A happy and unbelievably lucky young Irish immigrant, John Lawless, lands a job as the butler of an unconventional millionaire, Biddle. His daughter, Cordelia Drexel Biddle, tires of the ... See full summary »
Widower Sheriff Andy Taylor, and his son Opie, live with Andy's Aunt Bee in Mayberry, North Carolina. With virtually no crimes to solve, most of Andy's time is spent philosophizing and calming down his cousin Deputy Barney Fife.
Maria and Karl Lang are the singing duo of Vienna. Maria is very flirtatious and Karl very jealous. Karl decides to masquerade as a Russian guardsman and attempts to make Maria flirt with ... See full summary »
The fictionalized lives of the story-telling Grimm brothers are brought to life in this all-star fantasy film. In the early nineteenth century, the brothers Wilhelm and Jacob Grimm are commissioned to write a family history for a local Duke. Reenactments of three of their stories including "The Dancing Princess", "The Cobbler and the Elves" and "The Singing Bone".Written by
Rumors that 'Wonderful World of the Brothers Grimm' could never be "restored" because the original 3-panel Cinerama camera negatives were heavily water damaged are untrue. Sources close to Warner Brothers and Cinerama Inc, report there is actually very minimal water damage to one edge of one panel in only some reels, and the Technicolor color separation prints are intact for the entire film. Therefore if any of the water damage actually would show on screen or video, that footage could be replaced with new negative made from the Technicolor separations. 3 color separation reels for each of the 3 Cinerama panels means the replacement process would be costly, but not impossible. See more »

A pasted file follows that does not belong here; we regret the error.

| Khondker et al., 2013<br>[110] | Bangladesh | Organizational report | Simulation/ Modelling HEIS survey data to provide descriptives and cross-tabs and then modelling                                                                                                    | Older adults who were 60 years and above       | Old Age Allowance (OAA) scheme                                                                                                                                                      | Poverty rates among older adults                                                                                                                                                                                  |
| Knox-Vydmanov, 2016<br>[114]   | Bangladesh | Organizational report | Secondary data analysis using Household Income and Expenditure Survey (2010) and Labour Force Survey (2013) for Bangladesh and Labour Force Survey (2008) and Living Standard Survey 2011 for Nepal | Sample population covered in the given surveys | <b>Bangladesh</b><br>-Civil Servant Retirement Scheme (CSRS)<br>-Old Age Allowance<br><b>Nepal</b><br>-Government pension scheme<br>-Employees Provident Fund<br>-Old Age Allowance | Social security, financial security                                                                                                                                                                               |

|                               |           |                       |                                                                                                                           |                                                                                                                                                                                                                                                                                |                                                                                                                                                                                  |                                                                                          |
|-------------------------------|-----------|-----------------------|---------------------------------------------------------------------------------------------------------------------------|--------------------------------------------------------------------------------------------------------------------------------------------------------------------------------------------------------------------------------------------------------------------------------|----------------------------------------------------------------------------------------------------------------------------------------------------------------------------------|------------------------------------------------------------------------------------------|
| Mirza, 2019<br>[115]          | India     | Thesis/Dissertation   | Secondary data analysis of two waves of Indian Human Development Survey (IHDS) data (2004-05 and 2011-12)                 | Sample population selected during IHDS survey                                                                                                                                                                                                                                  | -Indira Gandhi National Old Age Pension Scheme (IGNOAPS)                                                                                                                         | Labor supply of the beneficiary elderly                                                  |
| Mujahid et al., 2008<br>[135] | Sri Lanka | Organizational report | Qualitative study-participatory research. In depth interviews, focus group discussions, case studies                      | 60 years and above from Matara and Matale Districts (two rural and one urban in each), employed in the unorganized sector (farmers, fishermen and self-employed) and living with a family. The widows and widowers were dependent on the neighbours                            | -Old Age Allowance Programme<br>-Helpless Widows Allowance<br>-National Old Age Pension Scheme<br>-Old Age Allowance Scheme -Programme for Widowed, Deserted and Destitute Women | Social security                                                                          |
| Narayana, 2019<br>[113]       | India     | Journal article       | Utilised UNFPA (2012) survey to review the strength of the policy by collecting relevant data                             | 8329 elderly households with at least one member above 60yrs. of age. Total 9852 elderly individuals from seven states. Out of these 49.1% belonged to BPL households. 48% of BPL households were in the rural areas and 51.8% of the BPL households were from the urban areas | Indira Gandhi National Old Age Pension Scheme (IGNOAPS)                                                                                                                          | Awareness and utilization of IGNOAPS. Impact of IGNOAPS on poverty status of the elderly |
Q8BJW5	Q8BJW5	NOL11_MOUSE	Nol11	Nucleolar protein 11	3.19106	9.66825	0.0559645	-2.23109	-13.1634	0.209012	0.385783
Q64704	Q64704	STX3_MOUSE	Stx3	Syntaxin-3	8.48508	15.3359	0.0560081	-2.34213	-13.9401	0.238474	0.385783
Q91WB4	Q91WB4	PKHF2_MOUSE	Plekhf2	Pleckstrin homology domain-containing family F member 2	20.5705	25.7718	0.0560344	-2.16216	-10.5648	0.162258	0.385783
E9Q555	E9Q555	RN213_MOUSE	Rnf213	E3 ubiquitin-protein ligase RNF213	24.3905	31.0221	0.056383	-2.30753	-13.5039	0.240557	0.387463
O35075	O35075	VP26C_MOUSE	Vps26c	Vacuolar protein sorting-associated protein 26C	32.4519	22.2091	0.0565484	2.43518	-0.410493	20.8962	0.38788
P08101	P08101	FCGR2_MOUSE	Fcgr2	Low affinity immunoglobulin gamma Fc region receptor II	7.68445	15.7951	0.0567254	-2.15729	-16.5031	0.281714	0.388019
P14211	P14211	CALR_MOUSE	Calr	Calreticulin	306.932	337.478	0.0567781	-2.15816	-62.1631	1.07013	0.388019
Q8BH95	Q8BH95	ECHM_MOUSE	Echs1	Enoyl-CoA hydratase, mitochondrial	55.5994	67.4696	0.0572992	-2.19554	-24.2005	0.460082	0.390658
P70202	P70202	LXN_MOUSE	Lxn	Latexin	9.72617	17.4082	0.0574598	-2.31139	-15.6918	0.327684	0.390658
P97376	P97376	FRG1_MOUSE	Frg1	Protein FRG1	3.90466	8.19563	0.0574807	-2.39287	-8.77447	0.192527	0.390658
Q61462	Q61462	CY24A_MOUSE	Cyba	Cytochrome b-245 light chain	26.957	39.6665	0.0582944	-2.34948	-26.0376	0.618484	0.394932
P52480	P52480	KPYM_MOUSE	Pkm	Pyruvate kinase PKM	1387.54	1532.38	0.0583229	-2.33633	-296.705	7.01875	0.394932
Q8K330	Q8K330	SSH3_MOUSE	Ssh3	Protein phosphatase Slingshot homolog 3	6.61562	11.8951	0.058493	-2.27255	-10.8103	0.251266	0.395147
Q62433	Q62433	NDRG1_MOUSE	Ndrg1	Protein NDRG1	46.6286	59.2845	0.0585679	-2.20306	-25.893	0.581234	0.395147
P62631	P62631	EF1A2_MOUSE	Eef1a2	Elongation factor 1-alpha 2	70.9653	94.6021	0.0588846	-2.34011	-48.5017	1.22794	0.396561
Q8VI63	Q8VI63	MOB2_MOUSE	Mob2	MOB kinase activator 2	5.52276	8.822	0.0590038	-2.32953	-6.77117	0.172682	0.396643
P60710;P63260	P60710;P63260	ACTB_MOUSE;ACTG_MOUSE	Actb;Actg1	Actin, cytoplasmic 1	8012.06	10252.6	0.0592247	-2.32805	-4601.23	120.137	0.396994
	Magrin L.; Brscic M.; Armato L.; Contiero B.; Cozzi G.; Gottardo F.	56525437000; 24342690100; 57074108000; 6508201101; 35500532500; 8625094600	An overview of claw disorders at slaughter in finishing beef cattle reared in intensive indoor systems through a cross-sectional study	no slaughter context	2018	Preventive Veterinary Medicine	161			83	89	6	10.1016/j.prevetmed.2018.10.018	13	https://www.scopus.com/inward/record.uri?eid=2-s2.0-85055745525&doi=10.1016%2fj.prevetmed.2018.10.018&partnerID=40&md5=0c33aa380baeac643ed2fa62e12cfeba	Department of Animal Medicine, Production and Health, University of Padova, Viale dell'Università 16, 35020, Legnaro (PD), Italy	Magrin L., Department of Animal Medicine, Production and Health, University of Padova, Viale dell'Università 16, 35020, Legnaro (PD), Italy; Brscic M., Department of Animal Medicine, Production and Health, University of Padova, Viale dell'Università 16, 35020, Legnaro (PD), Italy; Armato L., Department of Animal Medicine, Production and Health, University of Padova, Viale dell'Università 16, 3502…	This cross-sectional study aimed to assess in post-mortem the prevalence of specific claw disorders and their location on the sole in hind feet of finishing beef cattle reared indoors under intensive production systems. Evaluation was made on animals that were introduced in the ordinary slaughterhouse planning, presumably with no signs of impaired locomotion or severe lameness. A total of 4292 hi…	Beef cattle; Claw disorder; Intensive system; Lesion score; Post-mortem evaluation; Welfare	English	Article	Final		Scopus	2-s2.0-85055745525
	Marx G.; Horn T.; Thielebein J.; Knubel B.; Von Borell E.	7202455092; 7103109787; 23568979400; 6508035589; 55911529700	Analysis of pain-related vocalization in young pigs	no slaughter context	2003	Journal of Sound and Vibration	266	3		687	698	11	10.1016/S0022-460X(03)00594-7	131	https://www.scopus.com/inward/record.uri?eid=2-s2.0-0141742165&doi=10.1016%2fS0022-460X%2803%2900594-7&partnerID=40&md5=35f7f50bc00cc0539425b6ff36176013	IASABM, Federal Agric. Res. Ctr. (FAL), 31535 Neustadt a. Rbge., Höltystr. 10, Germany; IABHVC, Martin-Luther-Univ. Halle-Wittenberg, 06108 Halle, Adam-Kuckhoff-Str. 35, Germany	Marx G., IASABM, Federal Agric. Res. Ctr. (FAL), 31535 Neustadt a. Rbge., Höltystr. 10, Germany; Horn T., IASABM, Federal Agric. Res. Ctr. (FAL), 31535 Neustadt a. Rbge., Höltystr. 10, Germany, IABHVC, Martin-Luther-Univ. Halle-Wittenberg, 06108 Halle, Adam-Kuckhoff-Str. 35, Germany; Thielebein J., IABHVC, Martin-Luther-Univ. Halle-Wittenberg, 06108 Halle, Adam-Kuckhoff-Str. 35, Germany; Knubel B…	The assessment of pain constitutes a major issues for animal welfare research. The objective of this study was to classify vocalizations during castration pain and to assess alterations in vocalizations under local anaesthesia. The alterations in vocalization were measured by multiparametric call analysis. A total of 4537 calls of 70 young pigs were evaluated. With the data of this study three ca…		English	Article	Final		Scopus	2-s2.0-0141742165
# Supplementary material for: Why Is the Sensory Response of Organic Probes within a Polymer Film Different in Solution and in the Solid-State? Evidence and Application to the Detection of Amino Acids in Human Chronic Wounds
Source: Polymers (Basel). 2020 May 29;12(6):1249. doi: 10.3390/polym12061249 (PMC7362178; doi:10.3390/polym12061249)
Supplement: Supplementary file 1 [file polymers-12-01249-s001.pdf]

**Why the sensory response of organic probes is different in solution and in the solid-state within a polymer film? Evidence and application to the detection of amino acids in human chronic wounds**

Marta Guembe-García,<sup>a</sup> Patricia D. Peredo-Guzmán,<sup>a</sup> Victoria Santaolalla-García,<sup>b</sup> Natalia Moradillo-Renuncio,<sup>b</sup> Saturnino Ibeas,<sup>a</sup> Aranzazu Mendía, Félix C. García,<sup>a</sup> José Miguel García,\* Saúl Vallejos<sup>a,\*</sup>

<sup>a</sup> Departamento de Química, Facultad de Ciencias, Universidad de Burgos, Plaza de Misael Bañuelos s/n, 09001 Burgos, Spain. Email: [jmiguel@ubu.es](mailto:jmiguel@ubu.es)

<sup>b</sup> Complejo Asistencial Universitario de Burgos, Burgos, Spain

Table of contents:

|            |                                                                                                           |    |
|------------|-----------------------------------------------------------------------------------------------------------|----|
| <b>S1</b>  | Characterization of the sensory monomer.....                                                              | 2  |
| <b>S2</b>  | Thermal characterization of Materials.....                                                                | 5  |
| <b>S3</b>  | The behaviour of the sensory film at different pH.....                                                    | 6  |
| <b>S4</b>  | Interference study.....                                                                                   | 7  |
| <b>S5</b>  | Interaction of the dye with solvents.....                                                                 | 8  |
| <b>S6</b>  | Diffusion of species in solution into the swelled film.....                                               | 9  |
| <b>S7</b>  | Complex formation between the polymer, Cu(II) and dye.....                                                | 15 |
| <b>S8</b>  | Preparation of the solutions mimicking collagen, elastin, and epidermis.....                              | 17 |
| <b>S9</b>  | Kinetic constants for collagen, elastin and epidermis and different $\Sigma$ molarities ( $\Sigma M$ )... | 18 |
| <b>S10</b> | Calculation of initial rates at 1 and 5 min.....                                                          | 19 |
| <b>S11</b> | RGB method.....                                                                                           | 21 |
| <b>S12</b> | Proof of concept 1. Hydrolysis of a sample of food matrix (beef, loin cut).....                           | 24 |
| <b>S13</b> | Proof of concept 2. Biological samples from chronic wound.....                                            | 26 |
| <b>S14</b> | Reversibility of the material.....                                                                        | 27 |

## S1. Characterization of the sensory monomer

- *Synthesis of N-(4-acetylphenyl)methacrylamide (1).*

The Dancing Princess is set during a rather fancifully depicted Middle Ages. However, the royal palace in which she lives is the Castle Neuschwanstein, which was not built until 1869-1892. Contemporary visitors are surprised to learn that the castle is not ancient, having had running water and primitive electric lights and telephones. However, the actual youthfulness of the castle is not visually apparent. because it was designed to look like a medieval fairy tale castle. See more »
At the end, the credits simply say: "And they lived happily ever after". There is no "The End" credit or "Cast of Characters". See more »
When shown in regular theatres rather than ones equipped for Cinerama, the film was shown as a regular anamorphic widescreen film. However, it had not been shot that way, so the "lines" at which the three strips of film used in Cinerama were joined were visible onscreen. Films such as the 1955 "Oklahoma!", which was first shown in Todd-AO, were actually filmed in two versions, one for a Todd-AO screen and one for a Cinemascope screen. See more »
While it's been encouraging to see a number of George Pal's sci-fi and fantasy classics finally come to DVD, THE WONDERFUL WORLD OF THE BROTHERS GRIMM is one of many still waiting to debut in the digital format (along with HOUDINI, ATLANTIS: THE LOST CONTINENT, a complete PUPPETOONS collection, etc..) With Terry Gilliam's new THE BROTHERS GRIMM film in theaters, it would seem like the timing would be perfect for such a release.
Although available on VHS for some time, the tape doesn't do the film justice. GRIMM was shot using the three camera/three projector Cinarama process. With cast and crew members such as Russ Tamblyn (who provided commentary for Pal's TOM THUMB DVD) and stop-motion animator Jim Danforth still around, it would be nice to see Pal's fairy tale film get the deluxe DVD treatment, with the insight of surviving participants giving us a behind the scenes look at the making of the movie.
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